I still remember clearly the thoughts in my head after I watched the movie Spotlight. It was a perfect 2 hours and 8 minutes – an ideal romantic image of what journalism should be like. The ideal romantic image of the deeply passionate journalist whose work brings important change. Now, in the time of fast clicks and 24-hour news cycle, investigative journalism is more of a luxury for financially starving newsrooms.
News on weather and extreme weather conditions interest people more than ever, and the Miami Herald notices. Even stories on the popularity of weather news attracts online readers. I will come back to this later.
Man made Star Island in Miami Beach. Irma left behind piles of fallen palm tree leaves.
U.S. newspapers are impressively “hanging on” despite a sustained onslaught by online media. All the top brands are no doubt feeling the pinch.
Print newspapers have lost nearly 52 per cent of their daily sales volumes, while online channels have registered an exponential growth in reach, almost three-fold in the last six years. But as the news media struggles to weather the storm created by changes in consumer behavior, not to mention sustained attacks by President Donald Trump, some pertinent issues have come up that require urgent deliberations by industry stakeholders.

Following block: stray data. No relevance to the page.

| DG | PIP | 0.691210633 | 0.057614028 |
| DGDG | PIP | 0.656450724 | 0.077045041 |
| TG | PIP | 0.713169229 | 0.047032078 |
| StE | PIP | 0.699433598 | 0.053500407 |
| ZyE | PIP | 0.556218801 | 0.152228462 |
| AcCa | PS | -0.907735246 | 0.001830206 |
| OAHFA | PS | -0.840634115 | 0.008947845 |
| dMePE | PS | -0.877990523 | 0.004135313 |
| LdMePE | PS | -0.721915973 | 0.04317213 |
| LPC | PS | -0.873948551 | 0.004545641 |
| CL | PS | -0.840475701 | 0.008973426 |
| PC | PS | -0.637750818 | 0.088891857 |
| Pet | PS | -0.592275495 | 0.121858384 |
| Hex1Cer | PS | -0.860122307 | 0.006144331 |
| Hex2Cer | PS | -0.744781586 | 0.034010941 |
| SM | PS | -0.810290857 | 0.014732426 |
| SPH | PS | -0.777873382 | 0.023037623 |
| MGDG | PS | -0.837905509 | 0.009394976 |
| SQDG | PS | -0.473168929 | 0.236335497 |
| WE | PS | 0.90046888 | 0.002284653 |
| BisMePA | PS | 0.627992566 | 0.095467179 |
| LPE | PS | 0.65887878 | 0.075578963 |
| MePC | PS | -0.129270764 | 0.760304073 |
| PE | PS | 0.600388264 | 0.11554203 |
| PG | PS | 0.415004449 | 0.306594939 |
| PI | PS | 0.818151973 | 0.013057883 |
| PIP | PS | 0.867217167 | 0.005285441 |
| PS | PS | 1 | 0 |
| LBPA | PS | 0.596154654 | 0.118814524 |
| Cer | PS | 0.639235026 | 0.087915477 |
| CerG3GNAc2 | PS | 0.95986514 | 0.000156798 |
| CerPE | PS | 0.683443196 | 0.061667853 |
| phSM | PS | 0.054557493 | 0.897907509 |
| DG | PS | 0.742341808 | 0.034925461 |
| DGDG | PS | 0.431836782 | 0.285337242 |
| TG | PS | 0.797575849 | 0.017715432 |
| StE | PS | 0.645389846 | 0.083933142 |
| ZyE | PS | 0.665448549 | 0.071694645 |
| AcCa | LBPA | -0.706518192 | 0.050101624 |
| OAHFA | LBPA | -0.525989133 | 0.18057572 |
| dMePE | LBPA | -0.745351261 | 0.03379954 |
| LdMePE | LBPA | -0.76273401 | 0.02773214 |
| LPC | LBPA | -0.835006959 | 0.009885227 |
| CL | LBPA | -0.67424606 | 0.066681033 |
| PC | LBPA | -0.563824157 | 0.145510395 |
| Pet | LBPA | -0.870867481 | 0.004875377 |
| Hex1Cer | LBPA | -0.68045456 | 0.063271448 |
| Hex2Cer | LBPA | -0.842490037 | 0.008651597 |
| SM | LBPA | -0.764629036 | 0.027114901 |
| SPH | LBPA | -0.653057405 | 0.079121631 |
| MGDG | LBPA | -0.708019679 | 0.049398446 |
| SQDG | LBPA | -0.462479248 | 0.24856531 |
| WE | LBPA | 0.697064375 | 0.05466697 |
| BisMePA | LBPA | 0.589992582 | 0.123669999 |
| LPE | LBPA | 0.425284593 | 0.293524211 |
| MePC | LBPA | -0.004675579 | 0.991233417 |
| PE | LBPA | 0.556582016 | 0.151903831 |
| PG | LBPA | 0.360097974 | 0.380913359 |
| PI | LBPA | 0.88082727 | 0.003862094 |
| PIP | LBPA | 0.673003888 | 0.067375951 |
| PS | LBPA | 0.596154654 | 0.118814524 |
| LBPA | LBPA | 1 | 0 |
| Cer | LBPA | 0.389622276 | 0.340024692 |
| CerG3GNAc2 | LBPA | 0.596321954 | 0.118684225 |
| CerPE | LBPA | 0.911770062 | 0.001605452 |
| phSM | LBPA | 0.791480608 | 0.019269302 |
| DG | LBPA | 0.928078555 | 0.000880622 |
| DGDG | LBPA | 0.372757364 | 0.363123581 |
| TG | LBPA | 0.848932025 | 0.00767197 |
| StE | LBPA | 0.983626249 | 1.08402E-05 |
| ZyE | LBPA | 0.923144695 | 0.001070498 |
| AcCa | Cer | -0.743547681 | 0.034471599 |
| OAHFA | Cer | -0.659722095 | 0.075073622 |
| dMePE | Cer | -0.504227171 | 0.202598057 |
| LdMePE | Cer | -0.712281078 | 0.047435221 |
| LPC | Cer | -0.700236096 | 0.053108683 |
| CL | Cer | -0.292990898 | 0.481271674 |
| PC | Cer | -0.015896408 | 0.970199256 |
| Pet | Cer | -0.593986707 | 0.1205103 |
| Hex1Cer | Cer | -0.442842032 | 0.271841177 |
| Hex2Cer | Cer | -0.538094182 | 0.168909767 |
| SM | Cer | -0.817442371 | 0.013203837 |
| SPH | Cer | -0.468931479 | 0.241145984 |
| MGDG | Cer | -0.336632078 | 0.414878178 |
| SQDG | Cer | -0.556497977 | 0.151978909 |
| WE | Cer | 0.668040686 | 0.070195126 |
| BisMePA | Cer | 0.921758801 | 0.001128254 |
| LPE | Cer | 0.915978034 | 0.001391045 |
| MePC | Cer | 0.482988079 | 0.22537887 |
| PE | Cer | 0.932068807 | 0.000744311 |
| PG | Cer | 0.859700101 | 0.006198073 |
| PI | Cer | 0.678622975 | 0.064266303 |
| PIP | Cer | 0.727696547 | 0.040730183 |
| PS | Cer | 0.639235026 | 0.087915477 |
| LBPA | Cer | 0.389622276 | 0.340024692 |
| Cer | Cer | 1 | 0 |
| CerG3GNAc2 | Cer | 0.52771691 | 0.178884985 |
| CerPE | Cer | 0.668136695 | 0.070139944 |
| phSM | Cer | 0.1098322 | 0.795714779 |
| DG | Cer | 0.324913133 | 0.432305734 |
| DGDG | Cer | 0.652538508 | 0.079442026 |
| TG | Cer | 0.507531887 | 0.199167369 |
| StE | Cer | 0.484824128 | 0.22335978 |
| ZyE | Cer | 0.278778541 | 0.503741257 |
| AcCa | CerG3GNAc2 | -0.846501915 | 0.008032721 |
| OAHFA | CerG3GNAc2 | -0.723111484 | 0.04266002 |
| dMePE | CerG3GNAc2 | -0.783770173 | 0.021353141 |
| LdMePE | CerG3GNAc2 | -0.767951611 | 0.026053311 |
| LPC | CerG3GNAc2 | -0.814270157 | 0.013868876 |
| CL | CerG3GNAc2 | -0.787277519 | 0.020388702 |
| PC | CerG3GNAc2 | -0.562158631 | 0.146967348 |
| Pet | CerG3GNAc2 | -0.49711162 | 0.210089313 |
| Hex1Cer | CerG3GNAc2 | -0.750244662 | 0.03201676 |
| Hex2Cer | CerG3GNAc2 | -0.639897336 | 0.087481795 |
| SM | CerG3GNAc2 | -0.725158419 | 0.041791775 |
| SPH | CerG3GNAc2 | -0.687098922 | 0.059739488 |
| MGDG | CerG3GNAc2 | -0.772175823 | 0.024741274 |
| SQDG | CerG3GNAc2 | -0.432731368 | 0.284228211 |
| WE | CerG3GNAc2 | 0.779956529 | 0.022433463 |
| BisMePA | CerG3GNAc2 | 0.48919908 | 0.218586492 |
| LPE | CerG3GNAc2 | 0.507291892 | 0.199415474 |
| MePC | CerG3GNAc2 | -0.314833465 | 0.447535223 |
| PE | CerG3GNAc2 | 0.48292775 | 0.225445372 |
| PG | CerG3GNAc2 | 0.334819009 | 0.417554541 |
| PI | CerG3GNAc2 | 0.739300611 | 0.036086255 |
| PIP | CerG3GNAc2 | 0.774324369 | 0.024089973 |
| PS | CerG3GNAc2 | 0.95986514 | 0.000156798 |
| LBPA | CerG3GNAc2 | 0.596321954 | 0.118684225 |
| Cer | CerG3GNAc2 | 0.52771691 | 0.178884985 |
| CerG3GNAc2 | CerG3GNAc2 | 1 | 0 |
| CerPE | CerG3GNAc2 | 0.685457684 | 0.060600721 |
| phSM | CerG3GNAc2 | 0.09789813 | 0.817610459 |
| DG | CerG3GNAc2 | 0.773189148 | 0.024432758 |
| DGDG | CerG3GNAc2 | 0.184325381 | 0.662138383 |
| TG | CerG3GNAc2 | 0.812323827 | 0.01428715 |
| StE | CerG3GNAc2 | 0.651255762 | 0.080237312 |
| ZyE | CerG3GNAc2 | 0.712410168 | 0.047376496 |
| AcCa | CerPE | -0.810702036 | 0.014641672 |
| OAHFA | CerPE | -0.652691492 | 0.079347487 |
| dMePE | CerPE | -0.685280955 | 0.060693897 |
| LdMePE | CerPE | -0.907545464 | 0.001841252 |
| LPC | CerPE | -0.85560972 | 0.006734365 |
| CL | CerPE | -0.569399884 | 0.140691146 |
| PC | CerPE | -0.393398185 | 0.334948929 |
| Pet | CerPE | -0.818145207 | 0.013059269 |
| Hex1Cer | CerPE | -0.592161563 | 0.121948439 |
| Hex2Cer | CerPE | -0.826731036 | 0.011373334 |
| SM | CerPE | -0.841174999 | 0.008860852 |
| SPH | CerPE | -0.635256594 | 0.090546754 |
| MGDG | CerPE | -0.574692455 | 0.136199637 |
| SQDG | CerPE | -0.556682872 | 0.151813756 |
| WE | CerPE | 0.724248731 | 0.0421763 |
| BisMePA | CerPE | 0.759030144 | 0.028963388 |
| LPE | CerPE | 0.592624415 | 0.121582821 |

A museum dedicated to the freedom of expression – one of five freedoms enshrined in the First Amendment of the U.S. Constitution – called the Newseum, in Washington, D.C., is undergoing a “strategic review” and may have to close due to financial difficulties, it was revealed last week.
The announcement, which coincided with the resignation of the museum’s president and CEO, received a mixed reception from the local media industry.
At the age of 75 in Oct.12, 2003 Joan Beverly Kroc dies. As the third wife of McDonald's CEO Ray Kroc, she inherited his fortune after his death in 1984. During her life Mrs. Kroc gave away more than $1 billion toward causes ranging from animal welfare, children, homelessness, nuclear disarmament, and the arts.
On August 30, the WFP had the opportunity to visit Minnesota Public Radio (MPR) and get acquainted with the work of its investigation team.
MPR is one of the nation's premier public radio stations producing programs for radio, digital and live audiences and operating a 46-stations radio network. MPR and its three regional services - MPR News, Classical MPR and The Current - reach one million listeners each week.
Many editors in Europe share this overwhelming and slightly disheartening belief that if anything happens to newspapers in the United States, it will sooner or later happen elswhere, too. Rather than being an inevitable destiny, it is a self-fulfilling prophecy: newspapers copy American solutions, and often create similar challenges. In that sense, the American media market is an experimental playground for the rest of the world.
The U.S. media has become used to being derided as “fake news” by Donald Trump on Twitter. This week was no different, with the president blasting the “fake news media” and “truly bad people” in the wake of the killing of a protester at a white supremacist rally in Charlottesville, while he celebrated the return of his former chief strategist Steve Bannon to Breitbart: “Fake news needs the competition!”